Failure to attend could see their allowances docked under the system being considered.
In July, as the debate about expenses reform continued, a group of Fianna Fáil TDs told Finance Minister Brian Lenihan that they would oppose any effort to get them to clock in.
However, according to a newly published letter, Mr Lenihan remains intent on introducing such a mechanism.
The letter was written by Kieran Coughlan, secretary general of the body that runs the Oireachtas, to Tom O’Higgins, the auditor of body.
In the letter, Mr Coughlan discusses the proposal for a “Parliamentary Standard Allowance” [PSA], a single monthly grant which would replace the current raft of allowances paid to TDs and senators.
“I discussed with you on 10 July last year the PSA concept and the use of attendance recording by the whips as a verification mechanism [now likely to be strengthened by the minister with a requirement for electronic card recording],” Mr Coughlan tells Mr O’Higgins.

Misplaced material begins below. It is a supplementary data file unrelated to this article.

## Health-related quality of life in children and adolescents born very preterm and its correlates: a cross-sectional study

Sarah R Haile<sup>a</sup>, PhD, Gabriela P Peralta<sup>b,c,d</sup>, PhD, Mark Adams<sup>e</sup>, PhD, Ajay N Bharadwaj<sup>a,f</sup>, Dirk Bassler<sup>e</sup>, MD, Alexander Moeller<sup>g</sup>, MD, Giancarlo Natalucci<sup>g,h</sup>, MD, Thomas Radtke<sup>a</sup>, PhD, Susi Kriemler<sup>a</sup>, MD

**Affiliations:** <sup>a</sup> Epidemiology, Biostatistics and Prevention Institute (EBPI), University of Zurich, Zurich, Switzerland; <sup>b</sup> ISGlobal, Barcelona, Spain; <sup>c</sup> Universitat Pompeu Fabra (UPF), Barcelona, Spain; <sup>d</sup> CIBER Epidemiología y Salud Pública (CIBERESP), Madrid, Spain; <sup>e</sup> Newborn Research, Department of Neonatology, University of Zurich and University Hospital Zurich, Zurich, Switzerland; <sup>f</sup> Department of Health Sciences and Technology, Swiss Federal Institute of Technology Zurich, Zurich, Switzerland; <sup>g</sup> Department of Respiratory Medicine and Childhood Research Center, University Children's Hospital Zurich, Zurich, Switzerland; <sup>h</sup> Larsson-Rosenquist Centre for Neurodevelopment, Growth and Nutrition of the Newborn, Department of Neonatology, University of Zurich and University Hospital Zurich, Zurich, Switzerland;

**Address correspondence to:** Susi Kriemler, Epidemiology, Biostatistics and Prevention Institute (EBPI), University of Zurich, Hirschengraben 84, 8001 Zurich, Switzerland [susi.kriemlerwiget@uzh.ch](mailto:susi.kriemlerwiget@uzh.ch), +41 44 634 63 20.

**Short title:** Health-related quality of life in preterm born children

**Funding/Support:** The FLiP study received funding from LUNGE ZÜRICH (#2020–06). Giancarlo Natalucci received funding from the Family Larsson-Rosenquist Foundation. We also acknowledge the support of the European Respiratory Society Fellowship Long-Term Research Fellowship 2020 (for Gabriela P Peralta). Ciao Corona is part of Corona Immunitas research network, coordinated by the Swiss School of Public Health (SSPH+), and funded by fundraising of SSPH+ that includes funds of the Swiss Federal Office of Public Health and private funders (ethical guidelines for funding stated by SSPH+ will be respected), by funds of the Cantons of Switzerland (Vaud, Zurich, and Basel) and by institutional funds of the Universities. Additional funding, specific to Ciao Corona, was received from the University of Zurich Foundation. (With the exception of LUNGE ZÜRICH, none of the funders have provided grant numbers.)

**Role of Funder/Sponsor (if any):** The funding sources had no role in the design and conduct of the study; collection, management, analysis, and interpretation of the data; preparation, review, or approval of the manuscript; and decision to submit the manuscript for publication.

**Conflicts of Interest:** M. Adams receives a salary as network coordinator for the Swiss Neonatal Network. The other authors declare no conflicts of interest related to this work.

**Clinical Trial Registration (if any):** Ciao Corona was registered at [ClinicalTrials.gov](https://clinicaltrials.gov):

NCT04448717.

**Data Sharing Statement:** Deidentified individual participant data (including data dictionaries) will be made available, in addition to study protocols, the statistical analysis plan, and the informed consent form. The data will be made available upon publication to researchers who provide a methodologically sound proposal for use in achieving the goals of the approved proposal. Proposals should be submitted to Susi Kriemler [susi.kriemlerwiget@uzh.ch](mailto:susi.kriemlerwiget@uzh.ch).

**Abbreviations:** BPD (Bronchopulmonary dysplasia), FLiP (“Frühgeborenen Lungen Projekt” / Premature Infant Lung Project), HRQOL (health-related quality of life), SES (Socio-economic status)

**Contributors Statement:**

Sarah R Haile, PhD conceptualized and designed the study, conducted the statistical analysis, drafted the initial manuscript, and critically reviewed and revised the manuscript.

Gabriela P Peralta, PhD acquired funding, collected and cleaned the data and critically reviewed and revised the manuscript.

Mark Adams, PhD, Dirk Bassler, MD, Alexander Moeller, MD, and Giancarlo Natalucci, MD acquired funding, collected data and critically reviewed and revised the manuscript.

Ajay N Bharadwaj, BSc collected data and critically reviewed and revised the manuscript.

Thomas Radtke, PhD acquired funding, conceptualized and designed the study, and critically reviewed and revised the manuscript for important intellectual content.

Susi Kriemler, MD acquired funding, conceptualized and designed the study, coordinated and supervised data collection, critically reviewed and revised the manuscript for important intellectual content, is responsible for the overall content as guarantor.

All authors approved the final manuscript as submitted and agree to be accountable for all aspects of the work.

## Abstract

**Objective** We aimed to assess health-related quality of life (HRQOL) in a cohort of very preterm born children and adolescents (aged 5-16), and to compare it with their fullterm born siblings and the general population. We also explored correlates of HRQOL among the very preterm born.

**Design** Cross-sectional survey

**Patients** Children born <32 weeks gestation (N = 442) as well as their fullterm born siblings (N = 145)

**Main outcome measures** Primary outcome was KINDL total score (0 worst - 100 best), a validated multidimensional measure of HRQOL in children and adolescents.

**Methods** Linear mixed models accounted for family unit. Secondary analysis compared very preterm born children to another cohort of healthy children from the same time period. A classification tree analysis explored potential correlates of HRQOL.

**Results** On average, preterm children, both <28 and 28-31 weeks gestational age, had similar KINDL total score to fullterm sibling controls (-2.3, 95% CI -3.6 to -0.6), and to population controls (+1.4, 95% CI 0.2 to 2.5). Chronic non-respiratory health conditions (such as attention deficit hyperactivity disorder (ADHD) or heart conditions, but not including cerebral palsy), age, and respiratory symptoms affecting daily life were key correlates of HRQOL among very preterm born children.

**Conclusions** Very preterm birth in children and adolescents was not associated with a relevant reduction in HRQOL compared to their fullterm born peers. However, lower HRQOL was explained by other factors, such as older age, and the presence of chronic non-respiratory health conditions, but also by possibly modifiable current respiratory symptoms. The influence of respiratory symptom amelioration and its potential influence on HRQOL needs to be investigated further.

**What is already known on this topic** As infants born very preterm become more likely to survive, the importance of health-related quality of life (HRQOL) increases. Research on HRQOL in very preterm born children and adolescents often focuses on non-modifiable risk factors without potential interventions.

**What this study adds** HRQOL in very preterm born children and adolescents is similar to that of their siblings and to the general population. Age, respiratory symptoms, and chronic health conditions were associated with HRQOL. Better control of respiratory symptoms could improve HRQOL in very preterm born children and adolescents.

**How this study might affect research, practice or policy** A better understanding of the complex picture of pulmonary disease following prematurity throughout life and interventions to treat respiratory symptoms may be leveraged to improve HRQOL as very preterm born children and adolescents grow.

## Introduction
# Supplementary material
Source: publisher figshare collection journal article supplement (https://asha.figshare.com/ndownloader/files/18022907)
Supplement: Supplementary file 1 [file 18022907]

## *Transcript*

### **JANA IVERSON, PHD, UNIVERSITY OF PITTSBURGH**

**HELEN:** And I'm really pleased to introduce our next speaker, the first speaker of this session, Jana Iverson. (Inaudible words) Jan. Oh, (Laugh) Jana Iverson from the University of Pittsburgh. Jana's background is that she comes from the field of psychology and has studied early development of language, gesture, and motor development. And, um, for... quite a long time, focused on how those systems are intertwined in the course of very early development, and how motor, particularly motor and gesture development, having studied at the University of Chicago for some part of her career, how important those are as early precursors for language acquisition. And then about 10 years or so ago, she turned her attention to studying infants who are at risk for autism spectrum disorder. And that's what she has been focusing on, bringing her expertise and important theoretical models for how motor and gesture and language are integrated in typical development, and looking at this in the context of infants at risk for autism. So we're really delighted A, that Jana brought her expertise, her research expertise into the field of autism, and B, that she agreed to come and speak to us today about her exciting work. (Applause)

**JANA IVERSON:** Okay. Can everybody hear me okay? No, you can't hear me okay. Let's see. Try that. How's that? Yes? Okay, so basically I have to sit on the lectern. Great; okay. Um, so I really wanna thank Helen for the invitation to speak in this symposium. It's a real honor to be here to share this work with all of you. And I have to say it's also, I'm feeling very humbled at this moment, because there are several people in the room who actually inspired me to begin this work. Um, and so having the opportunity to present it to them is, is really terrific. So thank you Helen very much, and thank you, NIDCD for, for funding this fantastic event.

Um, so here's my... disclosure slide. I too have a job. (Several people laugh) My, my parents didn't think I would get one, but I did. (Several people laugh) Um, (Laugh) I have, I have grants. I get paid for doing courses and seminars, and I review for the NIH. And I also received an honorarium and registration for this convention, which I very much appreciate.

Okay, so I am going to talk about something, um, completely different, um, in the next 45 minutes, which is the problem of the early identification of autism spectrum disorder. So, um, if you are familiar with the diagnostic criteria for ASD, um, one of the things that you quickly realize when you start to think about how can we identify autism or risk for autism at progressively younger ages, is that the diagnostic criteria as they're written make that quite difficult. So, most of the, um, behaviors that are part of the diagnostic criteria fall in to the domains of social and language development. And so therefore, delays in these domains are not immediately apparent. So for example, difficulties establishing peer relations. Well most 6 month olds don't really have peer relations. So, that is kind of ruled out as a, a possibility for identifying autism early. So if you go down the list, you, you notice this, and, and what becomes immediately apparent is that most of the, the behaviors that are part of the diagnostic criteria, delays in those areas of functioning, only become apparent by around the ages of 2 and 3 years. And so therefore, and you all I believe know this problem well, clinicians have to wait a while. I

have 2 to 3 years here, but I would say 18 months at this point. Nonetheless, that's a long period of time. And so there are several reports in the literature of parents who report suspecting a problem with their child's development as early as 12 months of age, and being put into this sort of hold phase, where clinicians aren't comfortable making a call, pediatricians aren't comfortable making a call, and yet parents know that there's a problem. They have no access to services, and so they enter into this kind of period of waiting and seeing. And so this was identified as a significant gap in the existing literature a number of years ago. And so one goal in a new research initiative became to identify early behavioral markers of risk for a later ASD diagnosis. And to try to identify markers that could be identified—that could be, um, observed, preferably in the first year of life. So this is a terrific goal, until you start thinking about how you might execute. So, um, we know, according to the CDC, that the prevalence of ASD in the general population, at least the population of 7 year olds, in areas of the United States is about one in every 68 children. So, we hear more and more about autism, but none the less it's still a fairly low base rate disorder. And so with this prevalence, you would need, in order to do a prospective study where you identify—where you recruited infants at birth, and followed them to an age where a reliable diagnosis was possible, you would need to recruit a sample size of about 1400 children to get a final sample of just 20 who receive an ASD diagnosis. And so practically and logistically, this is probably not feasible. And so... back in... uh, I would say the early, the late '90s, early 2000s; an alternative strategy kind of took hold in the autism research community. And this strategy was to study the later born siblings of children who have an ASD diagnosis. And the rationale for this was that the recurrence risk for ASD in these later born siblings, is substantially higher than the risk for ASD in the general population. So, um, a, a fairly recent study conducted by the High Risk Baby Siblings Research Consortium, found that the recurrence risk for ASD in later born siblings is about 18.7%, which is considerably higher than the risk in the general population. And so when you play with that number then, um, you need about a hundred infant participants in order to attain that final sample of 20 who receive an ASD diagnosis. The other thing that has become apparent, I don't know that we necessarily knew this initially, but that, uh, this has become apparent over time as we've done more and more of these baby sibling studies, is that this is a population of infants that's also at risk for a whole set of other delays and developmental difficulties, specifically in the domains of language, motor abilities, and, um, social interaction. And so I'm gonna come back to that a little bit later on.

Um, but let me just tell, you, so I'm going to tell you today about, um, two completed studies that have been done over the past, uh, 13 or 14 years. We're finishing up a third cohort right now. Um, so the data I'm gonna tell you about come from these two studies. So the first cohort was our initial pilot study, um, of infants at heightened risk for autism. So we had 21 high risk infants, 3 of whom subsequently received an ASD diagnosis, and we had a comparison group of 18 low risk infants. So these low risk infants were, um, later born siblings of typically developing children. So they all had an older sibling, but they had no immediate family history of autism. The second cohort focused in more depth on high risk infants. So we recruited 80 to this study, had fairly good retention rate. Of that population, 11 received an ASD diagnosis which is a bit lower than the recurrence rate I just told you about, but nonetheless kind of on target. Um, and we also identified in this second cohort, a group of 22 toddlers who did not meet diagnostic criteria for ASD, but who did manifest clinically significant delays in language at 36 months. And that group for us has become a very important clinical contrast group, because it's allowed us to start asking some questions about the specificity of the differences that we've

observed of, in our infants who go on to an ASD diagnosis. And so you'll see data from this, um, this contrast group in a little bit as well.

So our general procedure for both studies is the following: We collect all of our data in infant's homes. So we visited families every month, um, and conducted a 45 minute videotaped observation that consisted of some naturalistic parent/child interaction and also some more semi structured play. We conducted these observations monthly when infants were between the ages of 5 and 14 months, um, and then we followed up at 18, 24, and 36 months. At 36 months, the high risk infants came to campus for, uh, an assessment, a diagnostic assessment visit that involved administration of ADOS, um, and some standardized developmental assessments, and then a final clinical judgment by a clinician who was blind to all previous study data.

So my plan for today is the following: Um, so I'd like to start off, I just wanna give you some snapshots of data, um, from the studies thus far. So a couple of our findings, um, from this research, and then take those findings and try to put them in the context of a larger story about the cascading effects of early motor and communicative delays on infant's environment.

Significantly, the letter was written in August, a month after the Fianna Fáil TDs had met with Mr Lenihan to voice their opposition to such a move.
Mr Coughlan wrote to Mr O’Higgins after the latter resigned in protest at plans to make the PSA an unvouched payment.
In addition to wanting other reforms, Mr O’Higgins argued that the PSA would have to be vouched in order to ensure transparency and avoid reputational damage to the Oireachtas.
Mr Lenihan agrees, saying this week he had dismissed the proposal for the PSA to be unvouched. “Expenses must be verifiable. We can’t have an arrangement of an unvouched block grant for deputies and I wouldn’t be comfortable signing off as a minister on that as a genuine reform of the system.”